Essay on public and private education

However, a report from the non-partisan Economic Policy Institute has found that the most important variation between schools lays in the type of community in which they are located (affluent, suburban, inner-city), not whether they are private or public.

Essay on public and private education

 In general, private schools are more focused and dedicated to the education of children.

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Augustine in New Orleans began with an all-white teaching staff. Some of these schools were housed in old rundown buildings and others in new, modern facilities. Some of their principals were finely attuned to the social and political nuances, while others were blunt people who could not have cared less about such things and would have failed Public Relations One.
None of these successful schools had a curriculum especially designed for blacks. Most had some passing recognition of the children's backgrounds. Dunbar High School, for example, was named for black poet Paul Laurence Dunbar and it set aside one day a year to commemorate Frederick Douglass, but its curriculum could hardly be called Afrocentric. Throughout the 85 years of its academic success, it taught Latin. In some of the early years, it taught Greek as well. Its whole focus was on expanding the students' cultural horizons, not turning their minds inward.
For all I know, there may be some Afrocentric schools that are doing well.

Parents consider many factors when choosing the right private school.

Augustine. There were students there with IQs in the 60s, as well as others with IQs more than twice that high. For individual students and for the school as a whole, the average IQ rose over the years-- being in the 80s and 90s in the 1950s and then reaching the national average of 100 in the 1960s. To put that in perspective, both blacks and whites in the South during this era tended to score below the national average on IQ and other standardized tests.
Most of these children did not come from middle-class families. Those who parents were in professional or white-collar occupations were less than one-tenth as numerous as those whose parents worked in "unskilled and semi-skilled" occupations.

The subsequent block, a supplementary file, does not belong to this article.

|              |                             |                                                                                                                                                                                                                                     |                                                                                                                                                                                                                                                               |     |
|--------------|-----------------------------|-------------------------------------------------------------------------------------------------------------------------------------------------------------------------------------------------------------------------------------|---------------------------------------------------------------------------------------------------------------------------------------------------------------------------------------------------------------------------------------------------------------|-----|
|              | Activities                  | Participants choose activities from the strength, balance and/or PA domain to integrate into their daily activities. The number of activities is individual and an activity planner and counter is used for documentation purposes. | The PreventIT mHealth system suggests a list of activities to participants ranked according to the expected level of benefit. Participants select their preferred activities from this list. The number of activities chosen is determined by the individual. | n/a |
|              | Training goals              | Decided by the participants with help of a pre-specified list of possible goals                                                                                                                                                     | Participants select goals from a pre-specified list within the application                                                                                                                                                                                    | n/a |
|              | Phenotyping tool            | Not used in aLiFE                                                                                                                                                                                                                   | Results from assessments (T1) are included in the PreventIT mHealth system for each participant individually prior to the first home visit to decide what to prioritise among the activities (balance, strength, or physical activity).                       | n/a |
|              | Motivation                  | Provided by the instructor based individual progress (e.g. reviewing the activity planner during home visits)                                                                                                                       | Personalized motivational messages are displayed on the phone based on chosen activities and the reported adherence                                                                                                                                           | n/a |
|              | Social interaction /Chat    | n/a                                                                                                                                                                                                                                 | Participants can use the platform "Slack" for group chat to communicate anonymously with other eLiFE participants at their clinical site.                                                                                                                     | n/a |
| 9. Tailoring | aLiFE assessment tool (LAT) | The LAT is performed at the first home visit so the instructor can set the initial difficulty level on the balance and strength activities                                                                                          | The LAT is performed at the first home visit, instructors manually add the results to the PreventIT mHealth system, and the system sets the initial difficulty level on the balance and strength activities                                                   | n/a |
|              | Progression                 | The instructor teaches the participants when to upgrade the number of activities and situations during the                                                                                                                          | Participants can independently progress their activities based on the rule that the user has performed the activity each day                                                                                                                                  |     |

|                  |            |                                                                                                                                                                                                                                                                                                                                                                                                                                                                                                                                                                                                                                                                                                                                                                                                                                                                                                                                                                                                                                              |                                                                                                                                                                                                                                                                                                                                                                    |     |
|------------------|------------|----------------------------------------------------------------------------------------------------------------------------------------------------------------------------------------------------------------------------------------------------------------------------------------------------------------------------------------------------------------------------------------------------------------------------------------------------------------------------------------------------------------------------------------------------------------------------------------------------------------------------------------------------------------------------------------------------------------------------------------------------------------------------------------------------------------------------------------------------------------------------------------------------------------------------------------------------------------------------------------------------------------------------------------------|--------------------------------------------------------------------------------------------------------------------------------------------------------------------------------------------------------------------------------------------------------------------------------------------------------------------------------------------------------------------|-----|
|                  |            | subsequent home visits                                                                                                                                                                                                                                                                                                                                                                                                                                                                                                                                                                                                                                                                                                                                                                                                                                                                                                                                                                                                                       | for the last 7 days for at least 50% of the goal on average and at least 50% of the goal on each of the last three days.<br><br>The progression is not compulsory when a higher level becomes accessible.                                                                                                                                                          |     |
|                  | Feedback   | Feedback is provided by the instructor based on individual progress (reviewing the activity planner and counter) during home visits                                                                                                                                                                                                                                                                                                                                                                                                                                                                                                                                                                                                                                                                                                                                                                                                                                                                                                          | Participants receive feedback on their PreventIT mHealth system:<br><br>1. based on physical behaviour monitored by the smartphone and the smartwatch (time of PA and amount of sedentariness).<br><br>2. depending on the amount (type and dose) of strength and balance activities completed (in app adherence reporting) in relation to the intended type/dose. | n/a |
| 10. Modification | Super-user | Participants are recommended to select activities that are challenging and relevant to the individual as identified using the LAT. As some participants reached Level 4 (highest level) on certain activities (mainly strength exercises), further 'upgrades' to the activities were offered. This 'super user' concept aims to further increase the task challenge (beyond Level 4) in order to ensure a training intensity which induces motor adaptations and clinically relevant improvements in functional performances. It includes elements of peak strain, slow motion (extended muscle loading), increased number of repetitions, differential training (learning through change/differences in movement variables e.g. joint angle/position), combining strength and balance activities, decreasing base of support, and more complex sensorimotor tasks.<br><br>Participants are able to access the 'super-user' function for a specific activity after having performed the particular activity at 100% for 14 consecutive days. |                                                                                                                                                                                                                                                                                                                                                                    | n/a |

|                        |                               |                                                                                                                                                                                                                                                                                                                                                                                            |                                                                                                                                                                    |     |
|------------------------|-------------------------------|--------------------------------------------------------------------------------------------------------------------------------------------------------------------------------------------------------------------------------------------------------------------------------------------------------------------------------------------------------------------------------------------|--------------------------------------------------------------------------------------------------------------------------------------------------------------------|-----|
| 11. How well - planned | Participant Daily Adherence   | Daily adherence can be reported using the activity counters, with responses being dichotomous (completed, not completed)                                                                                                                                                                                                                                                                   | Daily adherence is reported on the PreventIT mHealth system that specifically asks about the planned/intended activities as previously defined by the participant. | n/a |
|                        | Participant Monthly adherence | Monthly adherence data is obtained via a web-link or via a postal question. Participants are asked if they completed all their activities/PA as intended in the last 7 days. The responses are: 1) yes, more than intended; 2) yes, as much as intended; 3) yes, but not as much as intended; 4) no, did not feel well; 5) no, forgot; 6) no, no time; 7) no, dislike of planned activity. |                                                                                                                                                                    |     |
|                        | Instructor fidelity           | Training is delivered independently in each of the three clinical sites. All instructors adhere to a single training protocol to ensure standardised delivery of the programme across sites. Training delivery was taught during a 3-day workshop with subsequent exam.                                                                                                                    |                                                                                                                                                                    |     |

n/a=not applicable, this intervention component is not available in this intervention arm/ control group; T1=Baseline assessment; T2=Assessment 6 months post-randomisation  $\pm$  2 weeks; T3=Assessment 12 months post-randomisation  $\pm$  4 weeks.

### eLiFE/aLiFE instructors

What are the "secrets" of such successful schools?
The biggest secret is that there are no secrets, unless work is a secret. Work seems to be the only four-letter word that cannot be used in public today.
Aside from work and discipline, the various successful schools for minority children have had little in common with one another-- and even less in common with the fashionable educational theories of our times. Some of these schools were public, some were private. Some were secular and some were religious. Dunbar High School had an all-black teaching staffs but St.

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Public schools are paid for with taxes that every citizen has to pay.

My great fear is that a black child growing up in Harlem today will not have as good a chance to rise as people of my generation did, simply because they will not receive as solid an education, in an era when such an education is even more important.
Parents have been an important ingredient in the success of schools, whatever the racial or social backgrounds of the students. But the specific nature of parental involvement can vary greatly-- and has often been very different from what is believed among some educational theorists. In some of the most successful schools, especially of the past, the parents' role has been that of giving moral support to the school by letting their children know that they are expected to learn and to behave themselves.
Current educational fashions see parents' roles as that of active participants in the shaping of educational policy and on-site involvement in the daily activities of the schools. Whatever the merits or demerits of these notions, that was certainly not the role played by parents of children at successful schools in the past. Nor were they necessarily equipped to play such a role. As of 1940, for example, the average black adult in the United States had only an elementary school education. I can still remember being surprised at what an event it was in our family when I was promoted to the seventh grade-- because no one else in the family had ever gone that far before.
It was much the same story on the lower east side of New York at that time. Biographies of immigrant children who grew up there are full of painful memories of how their parents, with their meager education and broken English, hated to have to go see a teacher-- and how embarrassed their children were when their parents appeared at school.
Parents today may be more educated and more sophisticated but it is not clear that their political or quasi-political involvement in schools has been a net benefit. At the very least, history shows that it has never been essential.
For those who are interested in schools that produce academic success for minority students, there is no lack of examples., past and present. Tragically, there is a lack of interest by the public school establishment in such examples. Again, I think this goes back to the politics of education.
Put bluntly, failure attracts more money than success.

In private schools there’s usually smaller classes, so students are getting more attention.

Author Unknown (Pagewise) The Advantages of Private Schools vs.

Public schools are not preparing Elementary and Secondary education students for the jobs of today because the importance of technical and trade skills are being ignored....

Private schools are offering an extra service that public schools cannot offer.

What is the difference between Private school and Public school

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